Jul 26, 2018

The big picture: Americans aren't gung-ho on designer babies

Data: Pew Research Center; Chart: Kerrie Vila/Axios

Americans have mixed views on how far to take gene editing technology, favoring it in cases where it improves the health of their offspring, but opposing attempts to enhance a baby's intelligence, according to a new Pew Research Center survey out today.

Why it matters: As the science of gene editing nears the point where it's safe to use in humans, society will face a choice of how far is too far when using it. The prospect of so-called "designer babies" clearly rattles many, judging from the poll, but it's also unrealistic considering doctors' focus on using this technology to treat illnesses.

The big picture: Gene editing is the subject of intense research and is viewed as a possible route to treating or even preventing diseases ranging from cancer to sickle cell disease. It is also thought to be a potential way to tailor a baby's genetic makeup to favor particular traits.

Based on the poll of 2,537 U.S. adults conducted between April 23 and May 6, 2018 by the Pew Research Center, the public views gene editing for the purposes of tailoring their babies' traits with deep suspicion.

Between the lines: Americans with high levels of religious commitment are split 46% to 53% over whether it is appropriate to use gene editing to cut a baby's risk of developing a disease later in life. However, 73% of those with low levels of religious commitment think this is an appropriate use of medical technology.

  • A solid majority of 65% also said using human embryos to test gene editing would go too far.
  • The survey reveals a possible public relations challenge for people and companies involved in gene editing, since those surveyed tended to view a future where gene editing is more widely available as one with more negative outcomes compared to benefits.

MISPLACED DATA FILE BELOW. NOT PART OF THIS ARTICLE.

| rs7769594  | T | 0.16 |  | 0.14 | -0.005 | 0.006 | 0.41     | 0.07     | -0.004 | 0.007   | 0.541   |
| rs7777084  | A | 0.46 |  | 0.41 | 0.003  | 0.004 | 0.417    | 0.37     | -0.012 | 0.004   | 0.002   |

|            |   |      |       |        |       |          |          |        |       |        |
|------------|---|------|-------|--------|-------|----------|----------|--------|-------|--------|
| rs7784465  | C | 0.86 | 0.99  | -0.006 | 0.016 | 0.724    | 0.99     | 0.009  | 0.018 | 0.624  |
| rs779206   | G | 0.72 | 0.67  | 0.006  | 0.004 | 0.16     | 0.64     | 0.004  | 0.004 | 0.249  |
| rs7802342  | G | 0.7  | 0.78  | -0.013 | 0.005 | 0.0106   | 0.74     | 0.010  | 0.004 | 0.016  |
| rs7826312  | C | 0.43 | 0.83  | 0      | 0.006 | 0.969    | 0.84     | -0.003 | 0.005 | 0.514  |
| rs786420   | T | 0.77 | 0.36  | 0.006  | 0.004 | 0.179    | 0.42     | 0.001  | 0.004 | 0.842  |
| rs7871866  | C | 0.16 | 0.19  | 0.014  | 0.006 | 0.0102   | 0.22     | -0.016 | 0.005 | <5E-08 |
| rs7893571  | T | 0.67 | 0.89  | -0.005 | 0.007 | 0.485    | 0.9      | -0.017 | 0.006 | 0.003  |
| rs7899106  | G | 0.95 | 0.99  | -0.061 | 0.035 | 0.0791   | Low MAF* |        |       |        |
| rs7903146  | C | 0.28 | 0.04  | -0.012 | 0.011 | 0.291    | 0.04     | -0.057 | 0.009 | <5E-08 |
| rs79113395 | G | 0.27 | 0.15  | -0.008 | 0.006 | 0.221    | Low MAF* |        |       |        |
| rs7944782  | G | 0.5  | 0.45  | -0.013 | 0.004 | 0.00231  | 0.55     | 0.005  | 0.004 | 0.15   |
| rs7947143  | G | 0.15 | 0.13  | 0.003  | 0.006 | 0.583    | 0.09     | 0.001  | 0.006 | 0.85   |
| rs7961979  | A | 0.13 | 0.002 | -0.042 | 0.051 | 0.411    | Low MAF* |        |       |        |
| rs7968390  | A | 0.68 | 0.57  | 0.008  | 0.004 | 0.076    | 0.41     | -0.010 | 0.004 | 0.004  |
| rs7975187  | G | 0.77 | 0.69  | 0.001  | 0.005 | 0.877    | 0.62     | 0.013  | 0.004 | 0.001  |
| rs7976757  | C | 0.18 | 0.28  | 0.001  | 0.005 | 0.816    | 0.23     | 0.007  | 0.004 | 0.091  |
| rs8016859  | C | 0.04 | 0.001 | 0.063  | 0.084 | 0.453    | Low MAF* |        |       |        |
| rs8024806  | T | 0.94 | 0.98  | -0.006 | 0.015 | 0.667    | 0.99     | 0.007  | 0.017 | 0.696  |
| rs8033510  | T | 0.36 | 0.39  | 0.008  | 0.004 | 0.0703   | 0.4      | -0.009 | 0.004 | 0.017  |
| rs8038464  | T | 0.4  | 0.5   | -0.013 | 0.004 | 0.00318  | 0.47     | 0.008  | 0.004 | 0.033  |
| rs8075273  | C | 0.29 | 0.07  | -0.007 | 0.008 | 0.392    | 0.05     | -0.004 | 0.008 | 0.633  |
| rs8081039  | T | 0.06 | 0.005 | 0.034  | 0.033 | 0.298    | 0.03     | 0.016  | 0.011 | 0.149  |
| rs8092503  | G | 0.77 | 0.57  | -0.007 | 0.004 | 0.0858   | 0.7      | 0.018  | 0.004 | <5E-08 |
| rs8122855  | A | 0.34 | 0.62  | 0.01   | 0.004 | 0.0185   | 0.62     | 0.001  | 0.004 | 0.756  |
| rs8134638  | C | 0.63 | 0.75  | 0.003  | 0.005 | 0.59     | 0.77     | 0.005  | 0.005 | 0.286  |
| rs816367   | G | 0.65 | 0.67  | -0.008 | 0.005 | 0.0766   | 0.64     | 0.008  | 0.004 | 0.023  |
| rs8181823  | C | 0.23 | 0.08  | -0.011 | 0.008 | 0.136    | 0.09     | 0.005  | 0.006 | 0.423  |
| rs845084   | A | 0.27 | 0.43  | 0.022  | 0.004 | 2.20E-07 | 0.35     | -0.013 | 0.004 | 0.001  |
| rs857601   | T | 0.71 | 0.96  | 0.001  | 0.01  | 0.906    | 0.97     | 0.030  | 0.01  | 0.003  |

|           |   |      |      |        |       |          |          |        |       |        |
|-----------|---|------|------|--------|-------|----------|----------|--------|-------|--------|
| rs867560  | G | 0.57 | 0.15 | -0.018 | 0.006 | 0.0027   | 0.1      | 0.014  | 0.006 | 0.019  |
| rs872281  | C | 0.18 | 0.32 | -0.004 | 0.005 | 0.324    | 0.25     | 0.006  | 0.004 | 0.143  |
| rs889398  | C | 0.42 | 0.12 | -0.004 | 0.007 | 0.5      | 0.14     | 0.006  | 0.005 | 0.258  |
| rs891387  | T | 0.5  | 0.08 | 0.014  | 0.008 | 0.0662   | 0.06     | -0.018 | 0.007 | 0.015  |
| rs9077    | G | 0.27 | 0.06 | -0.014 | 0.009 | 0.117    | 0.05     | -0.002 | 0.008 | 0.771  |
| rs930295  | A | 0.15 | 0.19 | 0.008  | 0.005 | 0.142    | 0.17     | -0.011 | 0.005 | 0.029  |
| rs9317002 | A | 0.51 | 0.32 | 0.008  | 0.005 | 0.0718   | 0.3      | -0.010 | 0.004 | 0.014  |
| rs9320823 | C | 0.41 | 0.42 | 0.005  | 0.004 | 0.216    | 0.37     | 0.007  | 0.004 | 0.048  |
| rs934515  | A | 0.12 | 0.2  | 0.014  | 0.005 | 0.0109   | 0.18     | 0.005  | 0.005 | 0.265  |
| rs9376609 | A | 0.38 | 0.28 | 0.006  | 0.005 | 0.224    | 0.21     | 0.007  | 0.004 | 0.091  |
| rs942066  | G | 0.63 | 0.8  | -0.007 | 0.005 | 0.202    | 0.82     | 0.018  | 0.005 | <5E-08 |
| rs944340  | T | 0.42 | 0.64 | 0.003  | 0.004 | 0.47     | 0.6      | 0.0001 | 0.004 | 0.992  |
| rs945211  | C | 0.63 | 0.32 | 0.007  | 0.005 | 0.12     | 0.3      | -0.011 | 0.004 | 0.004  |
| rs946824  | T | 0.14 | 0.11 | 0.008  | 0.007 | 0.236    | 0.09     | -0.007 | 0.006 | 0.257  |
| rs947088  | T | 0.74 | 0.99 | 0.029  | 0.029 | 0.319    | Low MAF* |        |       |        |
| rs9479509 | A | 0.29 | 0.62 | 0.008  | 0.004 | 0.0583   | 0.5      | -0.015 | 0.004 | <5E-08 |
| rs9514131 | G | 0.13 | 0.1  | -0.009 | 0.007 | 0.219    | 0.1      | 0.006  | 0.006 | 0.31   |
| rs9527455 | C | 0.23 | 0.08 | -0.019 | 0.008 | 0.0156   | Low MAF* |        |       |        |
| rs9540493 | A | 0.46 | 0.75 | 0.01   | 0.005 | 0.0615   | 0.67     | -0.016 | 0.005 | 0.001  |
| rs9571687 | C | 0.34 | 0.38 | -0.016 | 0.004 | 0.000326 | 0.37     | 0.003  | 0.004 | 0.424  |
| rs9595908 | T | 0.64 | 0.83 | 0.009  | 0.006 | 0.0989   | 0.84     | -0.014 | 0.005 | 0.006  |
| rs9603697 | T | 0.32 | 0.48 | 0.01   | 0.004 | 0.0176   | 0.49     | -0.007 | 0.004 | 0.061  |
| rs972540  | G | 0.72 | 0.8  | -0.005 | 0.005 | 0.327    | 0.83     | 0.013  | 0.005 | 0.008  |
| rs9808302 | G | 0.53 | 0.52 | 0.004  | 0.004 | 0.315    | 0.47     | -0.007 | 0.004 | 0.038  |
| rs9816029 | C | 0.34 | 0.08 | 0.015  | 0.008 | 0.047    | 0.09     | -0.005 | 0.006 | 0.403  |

• 58% believe gene editing will lead to increased inequality, and 54% see it as a slippery slope, agreeing that "“even if gene editing is used appropriately in some cases, others will use these techniques in ways that are morally unacceptable.”
  • More men support gene editing to reduce the risk of developing a serious disease later in life, and also of using gene editing to treat a congenital disorder.

Where it stands: Interestingly, the public tends to doubt whether medical experts "fully comprehend the health consequences of gene editing," the survey finds. Just 36% of Americans believe that researchers understand the health effects of gene editing for babies very (7%) or fairly well (29%).

This skepticism may be well-founded, given that several recent studies have found potentially serious downsides to some gene editing methods.

Go deeper: CRISPR editing may cause more DNA damage than expected.

Go deeper

Health care industry grapples with staggering gene therapy costs

Data: CVS Health; Table: Axios Visuals

The gene therapy pipeline contains several drugs that are likely to cost the health care system billions of dollars in the near future, according to an a new CVS white paper.

The big picture: Drugmakers are already having to come up with creative ways to get paid for high-cost drugs, the Wall Street Journal reported yesterday, and that's before these new gene therapies hit the market.

Go deeperArrowJan 14, 2020

The stakes of a swift U.S.-China decoupling

Illustration: Sarah Grillo/Axios

As the U.S. and China rewrite their rules of engagement, the open exchange of scientific research and talent between the two powers is under scrutiny.

The big picture: Experts warn a "decoupling" of the two global powers — unwinding economic and technological dependencies, as well as raising barriers to collaboration — would destabilize the world and put the U.S.'s innovation edge at risk.

Go deeperArrowJan 11, 2020

A lottery for the most expensive drug in the world

Novartis is giving away about 100 doses a year of the most expensive drug in the world, Zolgensma — a gene therapy that cures children of a deadly disease, the Wall Street Journal reports.

Between the lines: The free drug will be offered via a lottery system, which some patient groups say is inappropriate and unfair, as it fails to account for need.

Go deeperArrowDec 20, 2019